3. Direct Methods3.1. Tonellis Program3.2. Hilberts Problems

    3.3. Regularity Theory3.4. Non-Convex Problems3.5. Convergence

    4. Unstable Critical Points

    The Maximum Principle of Pontryagin 49Martin Brokate,Technische Universitt Mnchen, Germany.

    1. Introduction

    2. The Maximum Principle2.1. Problem of Optimal Control2.2. Statement of the Maximum Principle2.3. Other Boundary Conditions2.4. Degeneracy2.5. Additional State and Control Constraints

    2.6. Autonomous Problems


    Problems with Free Final Time3. Structure of Optimal Controls

    3.1. No Explicit Control Constraints3.2. Polyhedral Control Constraints

    3.2.1.Optimal Bang-Bang Controls3.2.2.Optimal Singular Controls

    3.3. State Constraints4. Relation to Dynamic Programming5. Numerical Solution Based on the Maximum Principle

    Dynamic Programming and Bellman's Principle 61Piermarco Cannarsa,Universit di Roma Tor Vergata, Italy

    1. Introduction2. Optimal Control

    3. Value Function and Bellmans Principle4. The Hamilton-Jacobi-Bellman Equation5. Optimal Feedback Synthesis

    Optimization and Control of Distributed Processes 74Matthais Heinkenschloss,Rice University, Houston, Texas, USA

    1. Introduction2. Optimization Problems Governed by Distributed Processes


    Parameter Identification Problems

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    2.2. Optimal Control Problems2.3. Shape Optimization Problems

    3. Existence and Characterization of Solutions3.1. Existence of Solutions3.2. Optimality Conditions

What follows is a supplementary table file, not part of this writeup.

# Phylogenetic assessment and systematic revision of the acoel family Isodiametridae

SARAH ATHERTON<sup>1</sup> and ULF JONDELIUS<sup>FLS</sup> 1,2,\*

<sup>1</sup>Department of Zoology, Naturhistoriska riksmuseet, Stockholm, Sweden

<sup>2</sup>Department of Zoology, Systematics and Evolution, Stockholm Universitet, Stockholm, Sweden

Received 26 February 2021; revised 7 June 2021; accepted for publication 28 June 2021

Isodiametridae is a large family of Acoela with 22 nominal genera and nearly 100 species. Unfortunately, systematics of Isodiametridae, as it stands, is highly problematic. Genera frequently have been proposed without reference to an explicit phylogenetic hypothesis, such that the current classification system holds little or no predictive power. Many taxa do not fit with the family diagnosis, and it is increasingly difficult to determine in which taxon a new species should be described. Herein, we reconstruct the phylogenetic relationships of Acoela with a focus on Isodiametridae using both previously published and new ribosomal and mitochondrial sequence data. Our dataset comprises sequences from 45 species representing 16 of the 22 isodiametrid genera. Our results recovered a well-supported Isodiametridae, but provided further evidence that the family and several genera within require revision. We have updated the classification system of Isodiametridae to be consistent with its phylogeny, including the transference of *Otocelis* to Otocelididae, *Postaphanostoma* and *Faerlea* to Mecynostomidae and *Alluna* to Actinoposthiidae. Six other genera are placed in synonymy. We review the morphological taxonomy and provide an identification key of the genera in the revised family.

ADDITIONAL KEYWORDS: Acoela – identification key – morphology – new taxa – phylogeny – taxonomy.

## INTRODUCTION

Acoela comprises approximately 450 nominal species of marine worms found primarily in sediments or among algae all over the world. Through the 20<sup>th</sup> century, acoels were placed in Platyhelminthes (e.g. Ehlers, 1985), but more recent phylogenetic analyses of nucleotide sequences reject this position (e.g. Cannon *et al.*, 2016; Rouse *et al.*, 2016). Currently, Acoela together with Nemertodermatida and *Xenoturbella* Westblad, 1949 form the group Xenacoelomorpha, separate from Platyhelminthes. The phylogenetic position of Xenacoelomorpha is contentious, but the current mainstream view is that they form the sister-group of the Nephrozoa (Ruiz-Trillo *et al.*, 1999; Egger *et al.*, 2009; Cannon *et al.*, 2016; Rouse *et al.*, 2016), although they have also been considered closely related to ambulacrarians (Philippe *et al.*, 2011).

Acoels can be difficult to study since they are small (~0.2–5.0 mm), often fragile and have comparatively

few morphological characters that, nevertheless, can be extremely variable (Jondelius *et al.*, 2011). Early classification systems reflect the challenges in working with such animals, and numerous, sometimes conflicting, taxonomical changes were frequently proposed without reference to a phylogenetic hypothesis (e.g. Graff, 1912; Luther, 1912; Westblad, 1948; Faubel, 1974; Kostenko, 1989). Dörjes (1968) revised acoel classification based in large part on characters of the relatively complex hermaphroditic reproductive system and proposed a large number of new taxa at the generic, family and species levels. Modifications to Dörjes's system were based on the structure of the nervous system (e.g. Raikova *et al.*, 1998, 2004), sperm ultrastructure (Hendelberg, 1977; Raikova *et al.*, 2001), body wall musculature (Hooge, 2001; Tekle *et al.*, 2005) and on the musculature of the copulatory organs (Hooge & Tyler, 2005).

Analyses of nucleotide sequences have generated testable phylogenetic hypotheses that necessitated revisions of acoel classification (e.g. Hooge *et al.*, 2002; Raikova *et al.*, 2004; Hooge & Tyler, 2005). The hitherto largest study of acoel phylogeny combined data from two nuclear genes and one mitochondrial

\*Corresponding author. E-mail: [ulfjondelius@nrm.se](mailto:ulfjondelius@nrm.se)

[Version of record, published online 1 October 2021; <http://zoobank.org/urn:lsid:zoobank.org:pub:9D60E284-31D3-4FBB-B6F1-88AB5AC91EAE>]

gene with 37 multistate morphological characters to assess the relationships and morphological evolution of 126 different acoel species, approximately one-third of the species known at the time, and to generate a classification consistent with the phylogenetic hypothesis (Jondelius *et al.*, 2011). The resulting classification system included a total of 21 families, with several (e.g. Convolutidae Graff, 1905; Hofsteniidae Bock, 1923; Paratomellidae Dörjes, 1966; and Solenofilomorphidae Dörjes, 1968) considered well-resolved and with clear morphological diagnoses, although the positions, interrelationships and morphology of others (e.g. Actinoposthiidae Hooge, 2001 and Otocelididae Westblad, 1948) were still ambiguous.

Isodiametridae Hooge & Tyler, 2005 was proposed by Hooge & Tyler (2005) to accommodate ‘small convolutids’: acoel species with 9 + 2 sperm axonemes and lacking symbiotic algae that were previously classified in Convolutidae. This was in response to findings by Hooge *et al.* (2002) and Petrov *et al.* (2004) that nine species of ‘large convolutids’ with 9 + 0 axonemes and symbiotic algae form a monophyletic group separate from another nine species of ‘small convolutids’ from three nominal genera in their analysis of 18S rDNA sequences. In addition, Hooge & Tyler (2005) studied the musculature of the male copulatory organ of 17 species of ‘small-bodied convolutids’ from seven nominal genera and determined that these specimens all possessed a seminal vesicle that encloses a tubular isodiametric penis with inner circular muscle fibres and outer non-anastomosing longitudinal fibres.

Discretization of the Problem4.1. Convergence of the Discretization

    4.2. Discretization and Optimization5. Optimization Algorithms

    5.1. Formulation of the Optimization Problem5.2. Direct Search Methods for the Solution of the Reduced Problem5.3. Derivative-based Methods for the Solution of the Reduced Problem

    5.3.1.Unconstrained Problems5.3.2.Equality Constrained Problems

    5.3.3.Inequality Constrained Problems5.4. Derivative-Based Methods for the Solution of the Full Problem5.5. Time-Dependent Problems5.6. Model Reduction and Model Management Techniques


    Optimization Methods Based on Problem Decompositions

    Nonconvex Variational Problems 92Michel Chipot,Universitt Zrich, Switzerland

    1. Introduction2. The Direct Method of the Calculus of Variations3. Relaxation theory4. Vector Valued Problems5. Problems with No Minimizer, Minimizing Sequences

    5.1. Some Model Problems

    5.2. Young Measures


    Construction of Minimizing Sequences5.4. The Vectorial Case

    Game Theory 111Joachim Rosenmller,University of Bielefeld, Institute of Mathematical Economics IMW, D-33615


    Walter Trockel,University of Bielefeld, Institute of Mathematical Economics IMW, D-33615 Bielefeld,Germany

    1. Introduction2. Foundations of Non-cooperative Game Theory

    2.1. The Normal Form


    The Extensive Form2.3. Strategies, Equilibria, Refinements

    3. NTU-Games